Searching for dementia treatments: Collaborating to speed up progress
It’s more than 100 years since Alzheimer's disease – the most common cause of dementia – was first discovered. It was in 1906 that Dr Alois Alzheimer identified the distinctive changes in the brain that we now know as the hallmarks of the disease. But it wasn’t until the late 1980s and early 1990s that breakthrough molecular and genetic research helped pinpoint one of the key biological processes behind the disease, a finding that has fuelled much of the drug discovery effort in Alzheimer’s over the last two to three decades.
Unfortunately though, drug development for dementia has lagged behind many other health conditions. The last new medicine for Alzheimer’s was launched 15 years ago, but even the drugs that are currently available are limited, and we still lack a disease-modifying therapy. That’s why at Alzheimer’s Research UK, we have made it our mission to bring about the first life-changing treatment for dementia by 2025.
Drug discovery for dementia has been particularly challenging, in part because a historic lack of funding for research has hampered our ability to gain a detailed understanding of the diseases that cause it. The slow and progressive nature of diseases like Alzheimer’s means that clinical trials take longer to carry out, meaning drug development is more costly and time-consuming than it is for many other conditions. Coupled with a relatively high failure rate for previous trials, it’s little wonder that as a sector the pharmaceutical industry has scaled back investment in this area. If we’re to encourage companies to continue investing in this crucial challenge, we need a different approach. That’s why at Alzheimer’s Research UK, we’ve been working on a number of initiatives designed to bridge the gap between academic and industry research, de-risking and prioritising targets to reinvigorate the drug discovery pipeline in dementia.
One such initiative is the Dementia Consortium: a collaboration between Alzheimer’s Research UK, the charity LifeArc and five pharmaceutical companies, which funds promising target validation projects across the globe in an effort to speed up the drug discovery process. Through this initiative we are not only able to offer financial support and resources, but each partner in the Consortium offers their expertise in dementia and drug discovery to help move projects forward. If a project confirms a target’s potential, the pharmaceutical partners involved have the option to take the project forward for further development.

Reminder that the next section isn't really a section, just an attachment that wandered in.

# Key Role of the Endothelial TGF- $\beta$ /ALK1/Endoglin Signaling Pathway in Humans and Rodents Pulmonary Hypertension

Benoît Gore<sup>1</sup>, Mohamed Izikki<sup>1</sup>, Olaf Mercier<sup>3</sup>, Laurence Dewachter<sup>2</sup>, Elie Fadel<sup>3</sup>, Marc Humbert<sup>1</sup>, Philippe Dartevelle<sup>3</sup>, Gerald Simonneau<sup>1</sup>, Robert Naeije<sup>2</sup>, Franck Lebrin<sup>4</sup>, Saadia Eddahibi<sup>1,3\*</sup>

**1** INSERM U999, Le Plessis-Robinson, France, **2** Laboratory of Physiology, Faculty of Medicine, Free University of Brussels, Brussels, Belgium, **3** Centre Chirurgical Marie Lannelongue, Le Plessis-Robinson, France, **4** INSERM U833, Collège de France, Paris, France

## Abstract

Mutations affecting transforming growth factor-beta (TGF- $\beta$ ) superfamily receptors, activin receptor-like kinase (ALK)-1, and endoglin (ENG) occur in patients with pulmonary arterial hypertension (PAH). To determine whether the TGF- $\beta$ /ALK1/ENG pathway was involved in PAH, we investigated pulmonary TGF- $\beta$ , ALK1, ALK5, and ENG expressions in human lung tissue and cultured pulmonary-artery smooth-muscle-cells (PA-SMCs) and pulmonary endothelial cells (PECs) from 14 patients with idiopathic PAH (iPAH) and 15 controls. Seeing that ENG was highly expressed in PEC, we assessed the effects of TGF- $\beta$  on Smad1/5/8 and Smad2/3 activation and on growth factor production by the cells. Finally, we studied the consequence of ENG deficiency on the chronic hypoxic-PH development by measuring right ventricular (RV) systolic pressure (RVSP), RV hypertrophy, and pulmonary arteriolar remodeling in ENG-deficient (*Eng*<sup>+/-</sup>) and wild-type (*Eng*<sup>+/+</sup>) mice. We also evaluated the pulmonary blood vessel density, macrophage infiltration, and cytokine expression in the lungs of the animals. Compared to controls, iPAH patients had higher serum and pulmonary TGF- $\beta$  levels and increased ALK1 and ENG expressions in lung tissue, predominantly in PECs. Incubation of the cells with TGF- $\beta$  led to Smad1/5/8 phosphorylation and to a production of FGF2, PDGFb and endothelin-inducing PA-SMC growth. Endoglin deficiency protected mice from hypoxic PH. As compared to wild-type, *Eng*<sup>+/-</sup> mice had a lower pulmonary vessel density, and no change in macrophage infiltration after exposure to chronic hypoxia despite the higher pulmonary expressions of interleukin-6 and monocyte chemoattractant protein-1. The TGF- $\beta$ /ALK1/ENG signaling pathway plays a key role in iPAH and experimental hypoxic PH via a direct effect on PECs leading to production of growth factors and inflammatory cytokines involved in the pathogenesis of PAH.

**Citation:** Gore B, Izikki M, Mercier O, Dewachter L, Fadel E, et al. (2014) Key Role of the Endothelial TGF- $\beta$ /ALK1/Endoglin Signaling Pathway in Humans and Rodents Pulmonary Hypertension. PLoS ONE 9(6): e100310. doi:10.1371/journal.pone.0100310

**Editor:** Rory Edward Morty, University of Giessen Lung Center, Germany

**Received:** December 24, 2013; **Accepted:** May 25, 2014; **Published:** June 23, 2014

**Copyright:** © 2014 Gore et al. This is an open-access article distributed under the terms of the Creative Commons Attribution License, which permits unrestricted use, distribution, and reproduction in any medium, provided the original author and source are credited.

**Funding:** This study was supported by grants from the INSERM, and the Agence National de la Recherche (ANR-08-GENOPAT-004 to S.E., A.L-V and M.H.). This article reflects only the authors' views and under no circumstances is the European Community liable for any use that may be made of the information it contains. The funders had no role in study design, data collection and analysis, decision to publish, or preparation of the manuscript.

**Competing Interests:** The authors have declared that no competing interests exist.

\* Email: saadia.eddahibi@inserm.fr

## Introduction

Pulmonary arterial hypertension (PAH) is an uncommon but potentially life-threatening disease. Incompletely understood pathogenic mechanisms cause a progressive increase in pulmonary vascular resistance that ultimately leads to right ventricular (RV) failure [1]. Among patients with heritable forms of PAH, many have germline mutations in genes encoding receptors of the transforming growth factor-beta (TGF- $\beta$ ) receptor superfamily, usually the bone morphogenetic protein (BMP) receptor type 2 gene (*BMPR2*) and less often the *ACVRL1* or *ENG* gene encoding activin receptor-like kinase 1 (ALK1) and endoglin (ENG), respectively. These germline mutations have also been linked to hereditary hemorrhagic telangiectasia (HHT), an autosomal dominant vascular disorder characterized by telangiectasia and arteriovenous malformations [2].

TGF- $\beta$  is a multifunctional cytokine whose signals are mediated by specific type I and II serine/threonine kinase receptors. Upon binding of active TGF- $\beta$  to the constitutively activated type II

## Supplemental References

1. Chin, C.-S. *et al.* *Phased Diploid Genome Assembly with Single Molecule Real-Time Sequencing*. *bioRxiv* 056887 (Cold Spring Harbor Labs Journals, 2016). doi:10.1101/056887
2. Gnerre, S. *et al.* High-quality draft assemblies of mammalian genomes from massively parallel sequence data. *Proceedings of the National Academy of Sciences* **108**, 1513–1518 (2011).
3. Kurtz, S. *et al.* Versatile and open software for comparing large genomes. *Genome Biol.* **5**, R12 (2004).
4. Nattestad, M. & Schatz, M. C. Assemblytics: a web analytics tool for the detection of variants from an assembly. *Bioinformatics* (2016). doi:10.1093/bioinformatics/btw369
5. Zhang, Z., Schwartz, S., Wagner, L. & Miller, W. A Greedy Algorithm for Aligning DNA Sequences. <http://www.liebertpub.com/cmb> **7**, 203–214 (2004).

Meanwhile our £30m Drug Discovery Alliance has seen the establishment of three dedicated Drug Discovery Institutes at the Universities of Oxford, Cambridge and University College London. Each Institute is led by experts with a strong industrial background in drug discovery, working alongside world-leading academic researchers to capitalise on promising discoveries coming out of academia. Dedicated biology, pharmacology and chemistry teams are testing portfolios of new drug targets and searching for compounds that could hold benefit for people with dementia. There are around 17 projects now under way across the Alliance, with over half of these projects having already partnered with industry.
And we are proud to be part of the Dementia Discovery Fund, a collaboration between charity, industry and the UK government to invest in innovative pre-clinical research taking place across the globe. The Fund has so far invested in 12 drug discovery companies, supporting work from target validation projects through to clinical development, and from microglial biology to synaptic function. This is a unique approach for dementia, and is designed to both stimulate pioneering research across the world and expand the range of treatment targets being pursued. The more diverse a portfolio we have, the better our chance of creating a life-changing treatment for the people who desperately need it.
Despite historic underinvestment in dementia research, things are beginning to change. UK government funding for research has begun to rise, and thanks to our supporters we have been increasing the amount Alzheimer’s Research UK invests year on year. At the same time, the pace of research is accelerating.
Our drug discovery work is underpinned by crucial investment into fundamental research that is helping to build new understanding about Alzheimer’s and other dementias – both through a range of grant schemes and through the work of the UK Dementia Research Institute, of which Alzheimer’s Research UK is a founding charity partner. This essential work is driving new discoveries that are building an ever more detailed picture of dementia: revealing genetic risk factors, uncovering key cellular process that underpin diseases like Alzheimer’s, and crucially, pointing to potential new treatment targets to be explored.
All this work is made possible because of our supporters – including organisations like the BioIndustry Association – and with their backing, as well as the combined efforts of industry, charities and government, we believe a breakthrough treatment to transform the lives of people with dementia is on the horizon.